It is Friday, and that means it's time for StoryCorps. So Times Square is one option for New Year's Eve - if you like crowds. There's also some action in Tallapoosa, Ga., home of the New Year's Eve possum drop. Instead of a lighted ball, they lower a stuffed possum at midnight. Bud and Jackie Jones helped start the tradition. They are taxidermists and husband and wife. They came to StoryCorps to share their love story.

BUD JONES: What do you remember about our first date?

JACKIE JONES: Well, I got in the car. And you said, now, don't get excited, Jackie, but my pet snake is loose in this car. And I'm not a snake person.

B JONES: But you toughed it out, didn't you?

J JONES: I toughed it out.

B JONES: (Laughter).

J JONES: You were a hot number for me. We dated for two years, and then we decided to elope.

B JONES: I remember you didn't want your mother and daddy to know where we were going, so you threw your clothes out the window.

J JONES: I did.

B JONES: And just as we were getting ready to leave, Ivy Pope (ph) called and said he had killed a strange bird in his lake and wanted me to come and look at it. So we went over to the Ivy Pope's lake, and he had just killed a duck.

J JONES: And by then, it was night. And we had to go to the judge's house. And when we got there, he was drunk.

B JONES: Well, he wasn't exactly drunk. He was just kind of wobbling a little.

J JONES: Well, he was feeling really good.

B JONES: Yeah. He was feeling good.

J JONES: Well, I must have been crazy in love to go through this. We seldom ever have an argument, but if it is, it's about something like an elephant's eye. But I'll say right here that you do know a lot.

B JONES: Well, I'll be. I need to record that.

J JONES: Tell me the story about Spencer.

B JONES: There was this big possum on the side of the road. He wasn't hurt at all, except he's dead. So I said, well, he'll make a nice mount. So I got out and mounted him hanging by his tail. And I never thought Spencer would be a celebrity. You know, Tallapoosa before it was incorporated used to be called Possum's Snout. So the people, they said, let's have a possum drop on New Year's Eve. We thought it was stupid, but you just never seen such hollering.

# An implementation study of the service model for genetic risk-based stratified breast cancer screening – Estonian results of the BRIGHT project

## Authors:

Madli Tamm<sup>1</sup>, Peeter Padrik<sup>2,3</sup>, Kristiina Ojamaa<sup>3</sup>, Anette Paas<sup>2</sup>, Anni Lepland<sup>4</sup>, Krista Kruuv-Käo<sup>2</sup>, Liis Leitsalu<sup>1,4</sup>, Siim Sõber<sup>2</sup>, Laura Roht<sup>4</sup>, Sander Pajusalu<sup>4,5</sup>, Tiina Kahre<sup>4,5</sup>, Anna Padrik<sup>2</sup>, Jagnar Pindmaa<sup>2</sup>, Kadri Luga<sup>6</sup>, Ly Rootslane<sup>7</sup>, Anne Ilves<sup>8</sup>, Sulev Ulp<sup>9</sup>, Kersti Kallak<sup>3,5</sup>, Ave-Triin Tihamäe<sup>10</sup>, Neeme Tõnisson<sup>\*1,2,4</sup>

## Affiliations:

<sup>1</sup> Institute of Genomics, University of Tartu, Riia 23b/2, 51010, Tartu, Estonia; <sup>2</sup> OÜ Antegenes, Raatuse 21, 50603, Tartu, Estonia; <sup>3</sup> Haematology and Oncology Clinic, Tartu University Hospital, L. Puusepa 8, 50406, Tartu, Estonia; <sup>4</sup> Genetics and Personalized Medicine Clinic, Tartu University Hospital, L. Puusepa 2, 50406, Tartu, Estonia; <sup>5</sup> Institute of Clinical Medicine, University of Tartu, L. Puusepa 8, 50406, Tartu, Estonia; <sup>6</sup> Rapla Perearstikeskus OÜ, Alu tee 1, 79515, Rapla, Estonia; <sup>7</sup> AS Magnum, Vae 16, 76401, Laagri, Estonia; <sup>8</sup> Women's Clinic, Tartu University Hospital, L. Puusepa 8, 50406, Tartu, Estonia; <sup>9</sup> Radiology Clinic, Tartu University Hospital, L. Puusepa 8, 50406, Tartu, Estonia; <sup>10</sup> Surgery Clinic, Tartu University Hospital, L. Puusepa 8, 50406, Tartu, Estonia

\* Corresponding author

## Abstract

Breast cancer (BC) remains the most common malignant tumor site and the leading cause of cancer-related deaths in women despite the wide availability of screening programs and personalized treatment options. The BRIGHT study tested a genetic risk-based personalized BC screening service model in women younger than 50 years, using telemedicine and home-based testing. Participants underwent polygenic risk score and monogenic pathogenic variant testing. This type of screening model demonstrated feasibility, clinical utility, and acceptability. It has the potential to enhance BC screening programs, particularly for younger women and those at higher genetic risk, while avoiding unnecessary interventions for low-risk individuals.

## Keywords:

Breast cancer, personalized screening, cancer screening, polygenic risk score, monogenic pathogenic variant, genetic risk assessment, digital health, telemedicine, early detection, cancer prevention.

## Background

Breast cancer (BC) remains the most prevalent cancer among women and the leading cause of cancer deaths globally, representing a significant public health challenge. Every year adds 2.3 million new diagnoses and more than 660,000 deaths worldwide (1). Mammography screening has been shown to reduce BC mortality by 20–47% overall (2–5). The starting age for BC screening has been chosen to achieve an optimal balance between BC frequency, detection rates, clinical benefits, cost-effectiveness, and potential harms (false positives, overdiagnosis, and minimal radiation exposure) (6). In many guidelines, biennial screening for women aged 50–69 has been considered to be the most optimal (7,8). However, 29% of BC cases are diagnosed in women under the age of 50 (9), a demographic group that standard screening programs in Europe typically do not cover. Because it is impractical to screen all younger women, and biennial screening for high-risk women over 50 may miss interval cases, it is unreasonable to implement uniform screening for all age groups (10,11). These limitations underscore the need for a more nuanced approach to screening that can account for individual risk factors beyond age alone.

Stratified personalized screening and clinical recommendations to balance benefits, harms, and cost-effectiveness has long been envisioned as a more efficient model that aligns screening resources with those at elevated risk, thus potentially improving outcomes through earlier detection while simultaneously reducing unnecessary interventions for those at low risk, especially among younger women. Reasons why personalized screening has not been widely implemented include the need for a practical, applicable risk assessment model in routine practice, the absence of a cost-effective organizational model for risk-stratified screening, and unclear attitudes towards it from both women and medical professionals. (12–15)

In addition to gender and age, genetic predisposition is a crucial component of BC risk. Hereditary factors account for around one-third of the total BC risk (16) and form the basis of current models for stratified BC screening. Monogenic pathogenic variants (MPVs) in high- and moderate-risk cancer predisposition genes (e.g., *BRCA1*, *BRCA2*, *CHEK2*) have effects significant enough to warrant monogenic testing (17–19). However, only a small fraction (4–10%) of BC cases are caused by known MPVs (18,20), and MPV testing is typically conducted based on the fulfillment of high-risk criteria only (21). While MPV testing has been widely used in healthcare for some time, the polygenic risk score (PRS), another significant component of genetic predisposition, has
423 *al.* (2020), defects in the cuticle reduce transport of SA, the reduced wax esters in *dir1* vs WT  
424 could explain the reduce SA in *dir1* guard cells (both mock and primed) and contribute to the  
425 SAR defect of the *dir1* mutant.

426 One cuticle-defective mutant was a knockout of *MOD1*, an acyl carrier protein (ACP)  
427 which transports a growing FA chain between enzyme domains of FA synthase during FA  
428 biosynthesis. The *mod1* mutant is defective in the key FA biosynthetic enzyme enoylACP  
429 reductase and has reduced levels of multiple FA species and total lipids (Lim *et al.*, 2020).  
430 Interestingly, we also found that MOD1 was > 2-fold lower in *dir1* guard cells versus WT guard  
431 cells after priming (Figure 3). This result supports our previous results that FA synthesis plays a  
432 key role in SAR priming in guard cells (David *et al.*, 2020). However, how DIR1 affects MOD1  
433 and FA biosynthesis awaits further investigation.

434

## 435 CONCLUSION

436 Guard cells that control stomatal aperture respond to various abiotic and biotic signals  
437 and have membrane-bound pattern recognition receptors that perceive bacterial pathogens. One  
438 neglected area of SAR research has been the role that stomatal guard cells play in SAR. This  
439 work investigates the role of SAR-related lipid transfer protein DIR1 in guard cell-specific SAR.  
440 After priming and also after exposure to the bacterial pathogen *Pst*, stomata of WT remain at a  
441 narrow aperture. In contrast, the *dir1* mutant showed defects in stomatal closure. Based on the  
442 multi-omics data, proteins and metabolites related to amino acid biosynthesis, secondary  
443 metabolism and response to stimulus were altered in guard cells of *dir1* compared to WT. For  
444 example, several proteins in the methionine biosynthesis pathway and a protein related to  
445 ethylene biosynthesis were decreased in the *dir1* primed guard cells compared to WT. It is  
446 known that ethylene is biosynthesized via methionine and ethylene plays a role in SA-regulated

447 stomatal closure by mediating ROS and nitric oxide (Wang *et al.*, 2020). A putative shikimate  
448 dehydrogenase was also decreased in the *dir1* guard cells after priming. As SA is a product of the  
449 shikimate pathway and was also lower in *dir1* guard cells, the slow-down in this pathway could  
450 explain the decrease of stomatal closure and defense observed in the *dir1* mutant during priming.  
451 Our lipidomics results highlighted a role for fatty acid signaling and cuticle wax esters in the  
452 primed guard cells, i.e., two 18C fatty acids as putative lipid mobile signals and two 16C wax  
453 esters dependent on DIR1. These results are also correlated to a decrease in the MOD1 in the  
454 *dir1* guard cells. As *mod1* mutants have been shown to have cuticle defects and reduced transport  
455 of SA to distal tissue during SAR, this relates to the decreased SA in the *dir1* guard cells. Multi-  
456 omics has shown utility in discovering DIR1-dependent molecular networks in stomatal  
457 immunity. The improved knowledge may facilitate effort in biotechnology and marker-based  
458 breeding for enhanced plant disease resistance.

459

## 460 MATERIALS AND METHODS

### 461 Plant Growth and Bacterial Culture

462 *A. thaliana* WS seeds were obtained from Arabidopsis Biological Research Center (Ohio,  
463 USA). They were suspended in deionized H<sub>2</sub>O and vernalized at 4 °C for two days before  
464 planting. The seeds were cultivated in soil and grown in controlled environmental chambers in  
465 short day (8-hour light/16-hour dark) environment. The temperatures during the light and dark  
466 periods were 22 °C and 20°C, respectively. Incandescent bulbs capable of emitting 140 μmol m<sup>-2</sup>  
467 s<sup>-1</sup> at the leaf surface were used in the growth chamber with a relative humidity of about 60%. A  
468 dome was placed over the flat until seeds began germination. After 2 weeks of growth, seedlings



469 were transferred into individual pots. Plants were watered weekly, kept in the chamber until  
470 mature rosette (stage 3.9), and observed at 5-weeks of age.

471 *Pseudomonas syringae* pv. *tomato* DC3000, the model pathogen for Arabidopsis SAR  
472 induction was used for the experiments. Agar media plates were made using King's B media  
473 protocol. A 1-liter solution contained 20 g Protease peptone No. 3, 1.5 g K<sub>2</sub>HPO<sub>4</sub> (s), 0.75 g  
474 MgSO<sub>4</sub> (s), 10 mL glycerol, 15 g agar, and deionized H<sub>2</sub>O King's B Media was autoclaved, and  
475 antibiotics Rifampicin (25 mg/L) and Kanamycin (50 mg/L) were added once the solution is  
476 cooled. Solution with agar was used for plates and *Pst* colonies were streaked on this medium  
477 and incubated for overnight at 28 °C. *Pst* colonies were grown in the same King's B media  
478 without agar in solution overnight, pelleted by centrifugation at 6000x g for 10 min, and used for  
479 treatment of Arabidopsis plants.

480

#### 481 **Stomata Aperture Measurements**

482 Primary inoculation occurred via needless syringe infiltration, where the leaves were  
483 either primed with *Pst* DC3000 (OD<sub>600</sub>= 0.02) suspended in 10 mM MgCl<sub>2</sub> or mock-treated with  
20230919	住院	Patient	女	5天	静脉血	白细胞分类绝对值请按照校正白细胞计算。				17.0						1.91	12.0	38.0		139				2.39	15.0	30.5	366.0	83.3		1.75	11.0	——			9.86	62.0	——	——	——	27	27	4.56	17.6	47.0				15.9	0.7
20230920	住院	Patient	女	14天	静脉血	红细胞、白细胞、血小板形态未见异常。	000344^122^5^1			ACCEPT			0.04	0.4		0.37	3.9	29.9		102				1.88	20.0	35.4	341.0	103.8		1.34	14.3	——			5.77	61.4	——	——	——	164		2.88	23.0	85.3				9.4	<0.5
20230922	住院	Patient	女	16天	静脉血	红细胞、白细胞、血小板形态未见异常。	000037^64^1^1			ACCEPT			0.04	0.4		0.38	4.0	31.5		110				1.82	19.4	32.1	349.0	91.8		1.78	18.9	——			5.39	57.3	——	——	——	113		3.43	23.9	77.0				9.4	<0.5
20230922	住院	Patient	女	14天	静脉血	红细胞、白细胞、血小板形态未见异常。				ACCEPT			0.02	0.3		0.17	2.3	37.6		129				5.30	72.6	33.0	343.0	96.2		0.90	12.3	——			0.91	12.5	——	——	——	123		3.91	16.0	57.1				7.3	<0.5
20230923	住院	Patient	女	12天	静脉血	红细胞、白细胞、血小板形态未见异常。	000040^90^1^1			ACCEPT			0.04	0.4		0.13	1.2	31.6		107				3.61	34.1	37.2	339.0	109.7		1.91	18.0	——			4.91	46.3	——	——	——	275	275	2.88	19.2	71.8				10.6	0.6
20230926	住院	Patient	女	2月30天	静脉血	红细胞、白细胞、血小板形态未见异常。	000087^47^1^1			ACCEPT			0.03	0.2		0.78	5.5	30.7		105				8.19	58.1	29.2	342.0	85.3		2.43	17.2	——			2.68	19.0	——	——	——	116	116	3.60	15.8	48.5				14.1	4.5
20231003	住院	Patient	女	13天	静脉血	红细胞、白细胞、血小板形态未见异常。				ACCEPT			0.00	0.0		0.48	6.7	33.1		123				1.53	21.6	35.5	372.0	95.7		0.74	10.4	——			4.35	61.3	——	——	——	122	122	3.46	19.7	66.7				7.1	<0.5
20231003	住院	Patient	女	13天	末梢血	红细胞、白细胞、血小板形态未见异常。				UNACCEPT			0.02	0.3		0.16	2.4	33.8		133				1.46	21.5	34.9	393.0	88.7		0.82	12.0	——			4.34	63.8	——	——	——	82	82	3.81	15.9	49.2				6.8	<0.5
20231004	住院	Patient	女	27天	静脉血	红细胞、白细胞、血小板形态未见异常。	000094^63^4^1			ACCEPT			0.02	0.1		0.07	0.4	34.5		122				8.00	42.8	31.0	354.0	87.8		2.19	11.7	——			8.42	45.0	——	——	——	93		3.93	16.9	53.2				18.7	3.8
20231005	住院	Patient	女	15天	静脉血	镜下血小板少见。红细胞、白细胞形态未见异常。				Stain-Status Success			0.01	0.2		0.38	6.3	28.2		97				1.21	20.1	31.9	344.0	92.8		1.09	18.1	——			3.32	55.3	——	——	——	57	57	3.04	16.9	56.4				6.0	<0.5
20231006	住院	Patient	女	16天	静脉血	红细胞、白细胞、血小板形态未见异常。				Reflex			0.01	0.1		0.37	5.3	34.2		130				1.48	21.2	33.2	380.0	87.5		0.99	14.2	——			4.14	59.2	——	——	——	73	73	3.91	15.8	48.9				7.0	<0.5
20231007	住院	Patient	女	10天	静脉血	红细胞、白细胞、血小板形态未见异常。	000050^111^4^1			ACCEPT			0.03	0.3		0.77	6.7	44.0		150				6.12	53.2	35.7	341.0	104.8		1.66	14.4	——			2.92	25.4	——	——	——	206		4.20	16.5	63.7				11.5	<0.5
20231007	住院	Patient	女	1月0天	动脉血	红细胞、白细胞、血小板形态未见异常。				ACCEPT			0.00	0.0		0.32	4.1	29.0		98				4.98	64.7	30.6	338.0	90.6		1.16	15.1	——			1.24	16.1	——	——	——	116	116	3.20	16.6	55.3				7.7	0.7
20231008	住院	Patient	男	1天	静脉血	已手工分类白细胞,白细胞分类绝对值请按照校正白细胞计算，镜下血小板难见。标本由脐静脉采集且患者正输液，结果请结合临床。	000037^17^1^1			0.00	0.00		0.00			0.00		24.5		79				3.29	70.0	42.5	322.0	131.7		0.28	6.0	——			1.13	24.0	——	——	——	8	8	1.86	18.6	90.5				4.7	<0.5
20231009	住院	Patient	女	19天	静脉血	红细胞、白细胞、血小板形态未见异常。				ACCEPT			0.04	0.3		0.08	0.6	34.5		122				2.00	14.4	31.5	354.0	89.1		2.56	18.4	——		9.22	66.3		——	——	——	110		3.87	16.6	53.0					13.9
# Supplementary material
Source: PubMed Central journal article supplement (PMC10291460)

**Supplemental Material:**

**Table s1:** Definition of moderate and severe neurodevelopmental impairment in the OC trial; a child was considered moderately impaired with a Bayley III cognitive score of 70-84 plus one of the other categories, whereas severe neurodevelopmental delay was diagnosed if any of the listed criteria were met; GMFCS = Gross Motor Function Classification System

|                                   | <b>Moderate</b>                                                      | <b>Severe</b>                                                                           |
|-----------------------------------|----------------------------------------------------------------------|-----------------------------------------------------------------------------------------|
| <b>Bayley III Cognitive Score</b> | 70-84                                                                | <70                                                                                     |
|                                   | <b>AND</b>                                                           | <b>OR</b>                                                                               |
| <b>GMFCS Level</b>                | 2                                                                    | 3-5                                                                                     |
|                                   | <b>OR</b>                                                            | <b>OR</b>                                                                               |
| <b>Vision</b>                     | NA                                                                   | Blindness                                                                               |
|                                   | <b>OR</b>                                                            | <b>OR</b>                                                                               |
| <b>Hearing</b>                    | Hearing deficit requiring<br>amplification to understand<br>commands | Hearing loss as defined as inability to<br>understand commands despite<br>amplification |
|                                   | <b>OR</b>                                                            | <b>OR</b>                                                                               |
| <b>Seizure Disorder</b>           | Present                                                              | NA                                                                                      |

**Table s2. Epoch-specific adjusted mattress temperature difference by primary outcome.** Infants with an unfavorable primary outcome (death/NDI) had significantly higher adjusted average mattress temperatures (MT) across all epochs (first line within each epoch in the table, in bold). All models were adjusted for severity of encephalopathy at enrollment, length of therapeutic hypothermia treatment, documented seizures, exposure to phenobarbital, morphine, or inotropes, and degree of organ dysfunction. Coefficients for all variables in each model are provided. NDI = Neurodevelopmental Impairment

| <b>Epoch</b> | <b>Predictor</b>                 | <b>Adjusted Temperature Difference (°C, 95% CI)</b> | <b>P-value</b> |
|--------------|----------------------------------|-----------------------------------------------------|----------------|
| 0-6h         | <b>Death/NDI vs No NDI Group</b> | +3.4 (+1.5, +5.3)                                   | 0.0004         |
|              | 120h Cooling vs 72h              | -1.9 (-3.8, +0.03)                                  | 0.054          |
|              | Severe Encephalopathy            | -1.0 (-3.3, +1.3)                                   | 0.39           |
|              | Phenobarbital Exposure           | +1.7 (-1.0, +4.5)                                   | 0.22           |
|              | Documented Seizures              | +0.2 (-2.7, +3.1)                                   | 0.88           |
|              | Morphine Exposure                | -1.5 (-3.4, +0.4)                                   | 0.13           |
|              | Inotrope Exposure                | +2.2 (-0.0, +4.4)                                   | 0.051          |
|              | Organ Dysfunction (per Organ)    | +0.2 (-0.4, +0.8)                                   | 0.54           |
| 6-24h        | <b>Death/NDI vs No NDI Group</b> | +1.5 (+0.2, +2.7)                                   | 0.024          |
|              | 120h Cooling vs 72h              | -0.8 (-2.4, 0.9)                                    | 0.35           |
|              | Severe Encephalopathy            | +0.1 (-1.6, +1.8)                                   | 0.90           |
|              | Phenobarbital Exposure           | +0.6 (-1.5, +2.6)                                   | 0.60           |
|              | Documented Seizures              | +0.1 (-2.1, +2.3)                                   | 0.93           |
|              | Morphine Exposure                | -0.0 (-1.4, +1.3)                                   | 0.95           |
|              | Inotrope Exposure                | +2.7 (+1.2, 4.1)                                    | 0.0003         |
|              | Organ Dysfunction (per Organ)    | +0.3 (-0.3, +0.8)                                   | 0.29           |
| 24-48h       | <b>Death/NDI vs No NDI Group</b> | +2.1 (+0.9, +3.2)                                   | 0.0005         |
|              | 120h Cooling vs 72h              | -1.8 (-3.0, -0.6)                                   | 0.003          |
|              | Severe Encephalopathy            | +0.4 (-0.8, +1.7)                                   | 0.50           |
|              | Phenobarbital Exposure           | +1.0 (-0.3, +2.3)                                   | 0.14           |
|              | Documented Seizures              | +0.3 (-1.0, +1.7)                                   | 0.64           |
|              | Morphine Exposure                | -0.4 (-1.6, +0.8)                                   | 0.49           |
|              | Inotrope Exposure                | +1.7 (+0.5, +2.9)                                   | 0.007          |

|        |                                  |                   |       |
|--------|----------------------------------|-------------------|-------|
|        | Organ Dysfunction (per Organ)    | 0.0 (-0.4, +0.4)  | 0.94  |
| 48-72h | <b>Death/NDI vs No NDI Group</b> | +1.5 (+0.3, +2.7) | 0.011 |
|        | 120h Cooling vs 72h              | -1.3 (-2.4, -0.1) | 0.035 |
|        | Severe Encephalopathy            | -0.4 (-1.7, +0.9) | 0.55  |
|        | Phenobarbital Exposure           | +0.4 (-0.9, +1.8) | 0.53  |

J JONES: They start cheering and carrying on.

B JONES: Yeah. And they'll knock you down to get over there to get a picture of Spencer.

J JONES: People give you more credit for Spencer than anything else.

B JONES: Well, let me tell you. A man or a woman is blessed if they can go to work every morning and enjoy it. And I'm just real happy that I've had a partner all these years that I wouldn't trade for anybody.

J JONES: Thank you. Life has not been dull with you, Bud.

B JONES: Well, I know that, but...

J JONES: It's been very...

B JONES: ...When you got in the car that night, you should have known.

J JONES: I know I did. That should have been my first clue as to what my life was going to be like.

B JONES: Thank you, Jackie. And I love you.

J JONES: I love you most.

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KING: That was Jackie and Bud Jones at StoryCorps in Tallapoosa, Ga. The first possum drop was in 2000. Forty people came. Now, more than 7,000 people attend. That's more than twice the population of Tallapoosa. This interview will be archived at the Library of Congress.

(SOUNDBITE OF BLUE DOT SESSIONS' "OPEN FLAMES") Transcript provided by NPR, Copyright NPR.